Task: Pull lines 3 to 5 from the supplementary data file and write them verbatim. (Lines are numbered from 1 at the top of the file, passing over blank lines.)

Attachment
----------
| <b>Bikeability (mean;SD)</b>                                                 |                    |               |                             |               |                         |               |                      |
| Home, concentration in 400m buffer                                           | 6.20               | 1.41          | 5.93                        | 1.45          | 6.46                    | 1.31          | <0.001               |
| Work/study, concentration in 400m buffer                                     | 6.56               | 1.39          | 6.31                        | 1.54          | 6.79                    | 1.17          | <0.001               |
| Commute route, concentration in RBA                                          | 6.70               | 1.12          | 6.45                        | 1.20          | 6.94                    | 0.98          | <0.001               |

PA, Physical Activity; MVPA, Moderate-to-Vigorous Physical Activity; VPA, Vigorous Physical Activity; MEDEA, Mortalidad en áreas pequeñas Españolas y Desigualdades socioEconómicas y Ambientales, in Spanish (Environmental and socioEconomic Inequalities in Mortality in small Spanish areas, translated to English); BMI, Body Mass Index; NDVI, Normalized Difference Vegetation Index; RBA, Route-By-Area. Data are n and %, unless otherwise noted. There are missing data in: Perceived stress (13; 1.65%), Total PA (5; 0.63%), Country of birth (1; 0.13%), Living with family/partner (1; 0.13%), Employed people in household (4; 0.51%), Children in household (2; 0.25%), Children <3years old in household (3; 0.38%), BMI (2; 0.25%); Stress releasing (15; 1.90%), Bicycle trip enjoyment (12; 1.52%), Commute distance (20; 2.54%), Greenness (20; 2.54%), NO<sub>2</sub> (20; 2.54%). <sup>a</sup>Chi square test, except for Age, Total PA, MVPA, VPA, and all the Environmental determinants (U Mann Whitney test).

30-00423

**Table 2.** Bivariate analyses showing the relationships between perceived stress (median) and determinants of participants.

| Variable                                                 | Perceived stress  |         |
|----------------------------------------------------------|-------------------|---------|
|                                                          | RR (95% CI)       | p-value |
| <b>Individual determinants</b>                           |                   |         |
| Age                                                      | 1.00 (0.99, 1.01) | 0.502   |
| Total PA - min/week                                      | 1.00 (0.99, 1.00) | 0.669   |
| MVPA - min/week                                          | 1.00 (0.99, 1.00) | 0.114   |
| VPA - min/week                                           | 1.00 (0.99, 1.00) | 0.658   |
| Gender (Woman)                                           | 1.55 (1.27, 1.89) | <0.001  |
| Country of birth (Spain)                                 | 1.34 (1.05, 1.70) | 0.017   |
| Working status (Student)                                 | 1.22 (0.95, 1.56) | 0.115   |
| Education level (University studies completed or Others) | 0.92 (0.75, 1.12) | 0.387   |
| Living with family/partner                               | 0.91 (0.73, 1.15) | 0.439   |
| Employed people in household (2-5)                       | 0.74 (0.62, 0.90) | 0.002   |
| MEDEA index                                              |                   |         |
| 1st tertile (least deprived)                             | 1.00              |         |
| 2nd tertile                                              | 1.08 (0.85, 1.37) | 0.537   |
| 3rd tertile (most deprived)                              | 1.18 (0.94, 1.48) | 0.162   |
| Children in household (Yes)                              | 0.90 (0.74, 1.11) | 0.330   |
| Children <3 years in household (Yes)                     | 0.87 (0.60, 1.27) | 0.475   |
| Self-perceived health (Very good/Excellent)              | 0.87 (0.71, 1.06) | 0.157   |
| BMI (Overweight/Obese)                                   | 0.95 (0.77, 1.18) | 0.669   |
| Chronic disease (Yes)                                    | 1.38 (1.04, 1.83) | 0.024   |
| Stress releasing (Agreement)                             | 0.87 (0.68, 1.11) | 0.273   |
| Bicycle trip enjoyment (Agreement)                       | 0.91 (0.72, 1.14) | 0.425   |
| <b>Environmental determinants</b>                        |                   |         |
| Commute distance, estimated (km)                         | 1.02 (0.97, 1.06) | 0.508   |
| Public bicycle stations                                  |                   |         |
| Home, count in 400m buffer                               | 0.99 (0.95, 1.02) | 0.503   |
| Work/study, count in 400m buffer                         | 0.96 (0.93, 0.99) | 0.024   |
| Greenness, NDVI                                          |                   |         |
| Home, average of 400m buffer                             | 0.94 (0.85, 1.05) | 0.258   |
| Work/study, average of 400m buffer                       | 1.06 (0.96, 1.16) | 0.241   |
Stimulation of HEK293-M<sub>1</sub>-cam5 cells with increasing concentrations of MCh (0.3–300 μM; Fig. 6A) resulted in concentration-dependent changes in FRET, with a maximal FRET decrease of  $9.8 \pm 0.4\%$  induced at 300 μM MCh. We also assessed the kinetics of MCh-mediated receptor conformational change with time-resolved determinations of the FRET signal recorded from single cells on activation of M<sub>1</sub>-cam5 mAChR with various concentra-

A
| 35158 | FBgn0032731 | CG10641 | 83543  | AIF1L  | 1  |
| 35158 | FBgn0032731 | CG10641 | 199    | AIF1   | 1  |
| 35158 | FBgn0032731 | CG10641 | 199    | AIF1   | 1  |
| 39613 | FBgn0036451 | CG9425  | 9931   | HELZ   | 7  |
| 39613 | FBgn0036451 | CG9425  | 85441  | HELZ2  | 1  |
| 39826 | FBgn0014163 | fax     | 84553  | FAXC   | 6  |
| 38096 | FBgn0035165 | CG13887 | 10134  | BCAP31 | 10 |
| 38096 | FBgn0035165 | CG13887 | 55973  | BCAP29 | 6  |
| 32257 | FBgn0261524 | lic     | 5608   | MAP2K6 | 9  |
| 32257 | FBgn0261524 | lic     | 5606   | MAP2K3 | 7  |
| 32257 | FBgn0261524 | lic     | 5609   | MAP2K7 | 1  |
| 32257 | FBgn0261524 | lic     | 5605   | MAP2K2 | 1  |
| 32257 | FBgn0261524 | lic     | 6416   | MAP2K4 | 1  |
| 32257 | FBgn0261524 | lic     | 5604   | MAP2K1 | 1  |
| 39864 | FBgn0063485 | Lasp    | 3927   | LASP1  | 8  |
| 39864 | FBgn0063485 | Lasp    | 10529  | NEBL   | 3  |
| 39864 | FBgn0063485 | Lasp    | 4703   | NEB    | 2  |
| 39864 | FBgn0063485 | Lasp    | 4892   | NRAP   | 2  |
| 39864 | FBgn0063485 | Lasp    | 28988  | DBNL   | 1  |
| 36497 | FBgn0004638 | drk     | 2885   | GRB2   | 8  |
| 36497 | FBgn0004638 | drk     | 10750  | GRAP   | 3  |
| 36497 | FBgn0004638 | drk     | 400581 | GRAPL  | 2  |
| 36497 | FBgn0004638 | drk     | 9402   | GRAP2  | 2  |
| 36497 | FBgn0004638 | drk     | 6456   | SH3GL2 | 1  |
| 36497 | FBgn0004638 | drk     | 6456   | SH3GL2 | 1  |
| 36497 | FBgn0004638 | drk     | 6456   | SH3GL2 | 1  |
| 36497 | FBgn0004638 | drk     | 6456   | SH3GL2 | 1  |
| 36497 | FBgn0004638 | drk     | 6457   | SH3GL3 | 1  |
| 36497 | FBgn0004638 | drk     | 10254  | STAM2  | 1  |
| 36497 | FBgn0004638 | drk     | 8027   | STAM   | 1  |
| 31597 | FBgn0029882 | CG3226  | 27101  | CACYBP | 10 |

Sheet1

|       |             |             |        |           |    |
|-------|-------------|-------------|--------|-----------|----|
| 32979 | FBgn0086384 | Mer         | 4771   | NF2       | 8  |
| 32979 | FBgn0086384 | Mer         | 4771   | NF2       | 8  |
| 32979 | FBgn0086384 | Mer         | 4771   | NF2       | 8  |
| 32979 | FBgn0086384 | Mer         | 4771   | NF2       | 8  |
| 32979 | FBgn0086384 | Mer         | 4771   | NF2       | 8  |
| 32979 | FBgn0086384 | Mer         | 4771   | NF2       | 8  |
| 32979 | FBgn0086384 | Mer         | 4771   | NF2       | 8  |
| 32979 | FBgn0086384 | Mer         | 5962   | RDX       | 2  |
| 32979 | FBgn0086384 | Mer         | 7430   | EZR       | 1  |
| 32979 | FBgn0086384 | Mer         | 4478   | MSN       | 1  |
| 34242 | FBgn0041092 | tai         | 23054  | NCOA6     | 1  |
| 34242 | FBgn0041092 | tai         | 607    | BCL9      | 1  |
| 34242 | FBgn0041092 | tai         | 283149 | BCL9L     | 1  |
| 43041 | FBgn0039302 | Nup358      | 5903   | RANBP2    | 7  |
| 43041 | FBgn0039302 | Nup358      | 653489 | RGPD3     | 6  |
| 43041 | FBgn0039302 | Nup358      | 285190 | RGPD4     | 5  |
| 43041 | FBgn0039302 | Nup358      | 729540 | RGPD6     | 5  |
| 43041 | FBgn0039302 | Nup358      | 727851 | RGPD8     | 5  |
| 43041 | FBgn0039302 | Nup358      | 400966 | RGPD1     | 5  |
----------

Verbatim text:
| Work/study, concentration in 400m buffer                                     | 6.56               | 1.39          | 6.31                        | 1.54          | 6.79                    | 1.17          | <0.001               |
| Commute route, concentration in RBA                                          | 6.70               | 1.12          | 6.45                        | 1.20          | 6.94                    | 0.98          | <0.001               |

PA, Physical Activity; MVPA, Moderate-to-Vigorous Physical Activity; VPA, Vigorous Physical Activity; MEDEA, Mortalidad en áreas pequeñas Españolas y Desigualdades socioEconómicas y Ambientales, in Spanish (Environmental and socioEconomic Inequalities in Mortality in small Spanish areas, translated to English); BMI, Body Mass Index; NDVI, Normalized Difference Vegetation Index; RBA, Route-By-Area. Data are n and %, unless otherwise noted. There are missing data in: Perceived stress (13; 1.65%), Total PA (5; 0.63%), Country of birth (1; 0.13%), Living with family/partner (1; 0.13%), Employed people in household (4; 0.51%), Children in household (2; 0.25%), Children <3years old in household (3; 0.38%), BMI (2; 0.25%); Stress releasing (15; 1.90%), Bicycle trip enjoyment (12; 1.52%), Commute distance (20; 2.54%), Greenness (20; 2.54%), NO<sub>2</sub> (20; 2.54%). <sup>a</sup>Chi square test, except for Age, Total PA, MVPA, VPA, and all the Environmental determinants (U Mann Whitney test).